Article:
MITCH: Your company, MetalSoft, offers businesses a bare-metal cloud solution. What’s the advantage of this over the more traditional approach for running virtual machines and containers in an IaaS public cloud?
BERNIE: MetalSoft significantly improves the deployment, provisioning, and lifecycle management automation of a datacenter’s entire bare-metal infrastructure (servers, switches, and storage). Automation of this hardware infrastructure layer has historically been piecemeal and a messy affair with hidden costs and susceptibility to configuration drift. Because MetalSoft is designed to be hardware and application platform-agnostic, businesses and their cloud service provider partners may want to consider building their IT infrastructure on such a foundation to boost their level of automation along with their digital transformation resilience.
MetalSoft also allows this infrastructure to be managed and consumed as if using a self-service virtual private cloud. As part of this experience, MetalSoft’s workflow and provisioning templates can provide on-demand deployment of applications such as VMware and Kubernetes. This makes deploying and running applications in private or hybrid cloud on-prem or at colocation facilities more cost-effective and resilient. Finally, lightweight agents can be deployed to remotely manage infrastructure located on the edge or in unattended areas.
Users can also expect to see performance gains as a result of running on bare-metal servers and bare-metal networks. MetalSoft’s direct orchestration of TOR switches to configure tenant-isolated native L2 or L3 VLANs can reduce latencies and provide higher security and noisy-neighbor isolation. Other infrastructure may experience degradation from the over-virtualization of both server and networking layers.
MITCH: Can companies wanting a hybrid solution easily combine on-prem with bare-metal cloud?
BERNIE: MetalSoft’s bare-metal platform can scale on its own to orchestrate bare-metal clouds located on-prem, at the edge (for example, micro-datacenters), or running at a CSP as part of a hybrid or multi-cloud strategy. Using Kubernetes as a portability layer, companies can move applications across their own private and public clouds to take advantage of the best possible performance-to-cost ratio or data locality. A third-party multi-cloud or hybridization platform can be used in conjunction with MetalSoft to optimize application placement if public clouds are part of the total solution. MetalSoft also supports workflow automation and infrastructure-as-code (IaC) integration capabilities using Terraform and Ansible.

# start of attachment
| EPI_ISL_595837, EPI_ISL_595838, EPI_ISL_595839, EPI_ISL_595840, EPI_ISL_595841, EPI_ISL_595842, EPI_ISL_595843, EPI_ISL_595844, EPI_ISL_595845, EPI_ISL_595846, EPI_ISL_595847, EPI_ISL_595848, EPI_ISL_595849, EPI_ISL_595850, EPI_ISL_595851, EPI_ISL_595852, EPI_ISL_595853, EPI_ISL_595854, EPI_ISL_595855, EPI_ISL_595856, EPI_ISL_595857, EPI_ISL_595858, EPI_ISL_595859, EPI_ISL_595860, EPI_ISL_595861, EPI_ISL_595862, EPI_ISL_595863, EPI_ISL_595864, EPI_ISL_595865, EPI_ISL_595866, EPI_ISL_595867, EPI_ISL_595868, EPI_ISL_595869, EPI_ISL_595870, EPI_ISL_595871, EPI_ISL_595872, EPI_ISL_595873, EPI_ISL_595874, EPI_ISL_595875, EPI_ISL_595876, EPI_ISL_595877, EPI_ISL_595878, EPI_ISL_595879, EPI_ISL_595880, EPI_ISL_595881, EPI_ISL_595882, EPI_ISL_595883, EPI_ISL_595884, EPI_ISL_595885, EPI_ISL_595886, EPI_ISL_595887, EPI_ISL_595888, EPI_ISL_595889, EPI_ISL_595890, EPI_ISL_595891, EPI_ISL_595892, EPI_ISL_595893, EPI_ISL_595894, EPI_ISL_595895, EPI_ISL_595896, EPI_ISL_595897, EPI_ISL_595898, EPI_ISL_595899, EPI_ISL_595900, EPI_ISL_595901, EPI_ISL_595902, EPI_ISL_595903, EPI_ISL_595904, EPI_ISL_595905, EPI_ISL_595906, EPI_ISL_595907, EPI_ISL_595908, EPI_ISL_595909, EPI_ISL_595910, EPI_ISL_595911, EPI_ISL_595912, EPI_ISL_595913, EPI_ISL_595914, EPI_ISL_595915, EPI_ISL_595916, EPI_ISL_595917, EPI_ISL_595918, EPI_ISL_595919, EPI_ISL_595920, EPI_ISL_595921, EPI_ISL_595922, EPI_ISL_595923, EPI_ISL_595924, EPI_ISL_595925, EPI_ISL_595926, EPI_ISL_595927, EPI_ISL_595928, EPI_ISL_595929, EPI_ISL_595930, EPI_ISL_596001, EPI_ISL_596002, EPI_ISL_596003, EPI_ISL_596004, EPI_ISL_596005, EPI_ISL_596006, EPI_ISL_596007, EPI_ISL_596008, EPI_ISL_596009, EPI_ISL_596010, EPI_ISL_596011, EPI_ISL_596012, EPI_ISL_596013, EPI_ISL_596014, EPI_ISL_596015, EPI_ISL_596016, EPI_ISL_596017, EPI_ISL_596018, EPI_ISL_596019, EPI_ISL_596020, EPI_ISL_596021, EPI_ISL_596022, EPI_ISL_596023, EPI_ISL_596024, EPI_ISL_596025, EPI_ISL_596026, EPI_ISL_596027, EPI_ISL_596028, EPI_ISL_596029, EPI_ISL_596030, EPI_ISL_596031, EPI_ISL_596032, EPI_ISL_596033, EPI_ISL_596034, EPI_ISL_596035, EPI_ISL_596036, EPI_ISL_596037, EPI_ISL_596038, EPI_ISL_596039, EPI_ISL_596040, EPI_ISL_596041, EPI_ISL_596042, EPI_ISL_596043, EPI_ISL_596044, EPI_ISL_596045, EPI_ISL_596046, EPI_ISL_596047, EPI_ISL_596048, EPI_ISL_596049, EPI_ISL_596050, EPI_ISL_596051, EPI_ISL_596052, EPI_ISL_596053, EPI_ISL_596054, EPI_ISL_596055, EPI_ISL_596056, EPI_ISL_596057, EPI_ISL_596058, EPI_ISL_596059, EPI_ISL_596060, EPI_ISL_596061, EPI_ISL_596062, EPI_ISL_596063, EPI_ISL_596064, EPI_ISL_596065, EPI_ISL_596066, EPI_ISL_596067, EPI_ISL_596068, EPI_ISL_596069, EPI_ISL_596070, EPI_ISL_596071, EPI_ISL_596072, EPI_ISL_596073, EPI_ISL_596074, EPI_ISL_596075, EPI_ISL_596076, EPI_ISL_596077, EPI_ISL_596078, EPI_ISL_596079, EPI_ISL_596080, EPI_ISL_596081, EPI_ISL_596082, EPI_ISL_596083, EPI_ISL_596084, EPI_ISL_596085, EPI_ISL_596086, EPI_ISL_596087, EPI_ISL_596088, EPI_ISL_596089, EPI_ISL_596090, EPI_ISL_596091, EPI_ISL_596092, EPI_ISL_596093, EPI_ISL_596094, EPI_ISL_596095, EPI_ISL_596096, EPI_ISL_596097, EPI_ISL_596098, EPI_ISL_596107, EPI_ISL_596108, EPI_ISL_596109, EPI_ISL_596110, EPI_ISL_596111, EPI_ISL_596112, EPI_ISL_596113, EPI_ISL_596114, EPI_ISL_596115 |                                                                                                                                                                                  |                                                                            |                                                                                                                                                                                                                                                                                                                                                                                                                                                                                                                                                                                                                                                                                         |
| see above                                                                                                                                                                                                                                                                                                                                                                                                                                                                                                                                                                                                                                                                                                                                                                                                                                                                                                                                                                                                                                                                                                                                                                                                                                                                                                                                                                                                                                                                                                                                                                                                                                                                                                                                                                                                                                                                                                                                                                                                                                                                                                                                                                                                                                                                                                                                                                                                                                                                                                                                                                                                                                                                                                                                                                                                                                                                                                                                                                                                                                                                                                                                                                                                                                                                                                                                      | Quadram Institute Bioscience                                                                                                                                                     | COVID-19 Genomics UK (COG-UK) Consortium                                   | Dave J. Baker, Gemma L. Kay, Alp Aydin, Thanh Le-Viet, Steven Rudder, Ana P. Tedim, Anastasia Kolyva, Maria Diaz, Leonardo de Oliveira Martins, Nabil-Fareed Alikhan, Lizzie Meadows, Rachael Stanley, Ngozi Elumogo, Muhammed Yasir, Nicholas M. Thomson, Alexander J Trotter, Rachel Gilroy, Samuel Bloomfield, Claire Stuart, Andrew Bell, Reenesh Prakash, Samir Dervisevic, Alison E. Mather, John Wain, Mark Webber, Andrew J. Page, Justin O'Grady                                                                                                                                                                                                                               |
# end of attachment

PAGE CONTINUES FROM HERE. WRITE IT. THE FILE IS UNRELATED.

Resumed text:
MITCH: Does a bare-metal cloud solution have any cost advantage over using cloud services like AWS or Azure?
BERNIE: Yes, MetalSoft’s bare-metal cloud not only delivers performance and resilience advantages but also provides cost advantages over public cloud services. When compared to public clouds, the average estimated Total Cost of Ownership improvement is 4X. A more detailed cost analysis is available on request from MetalSoft.
MITCH: Anything else you’d like to add?
BERNIE: Although public cloud vendors are also offering bare-metal clouds, the availability of MetalSoft’s bare-metal automation platform provides a new alternative for providing a self-service, multi-tenant option that enterprises, SaaS vendors, and cloud service providers will find to be comprehensive, performant, and cost-effective for running all applications. The MetalSoft platform has been production-proven and ISO-certified for over eight years across Europe as the bare-metal cloud offering for a sister company, BigStep.
MITCH: Thanks, Bernie, for taking the time to explain all this to us.
BERNIE: You’re welcome.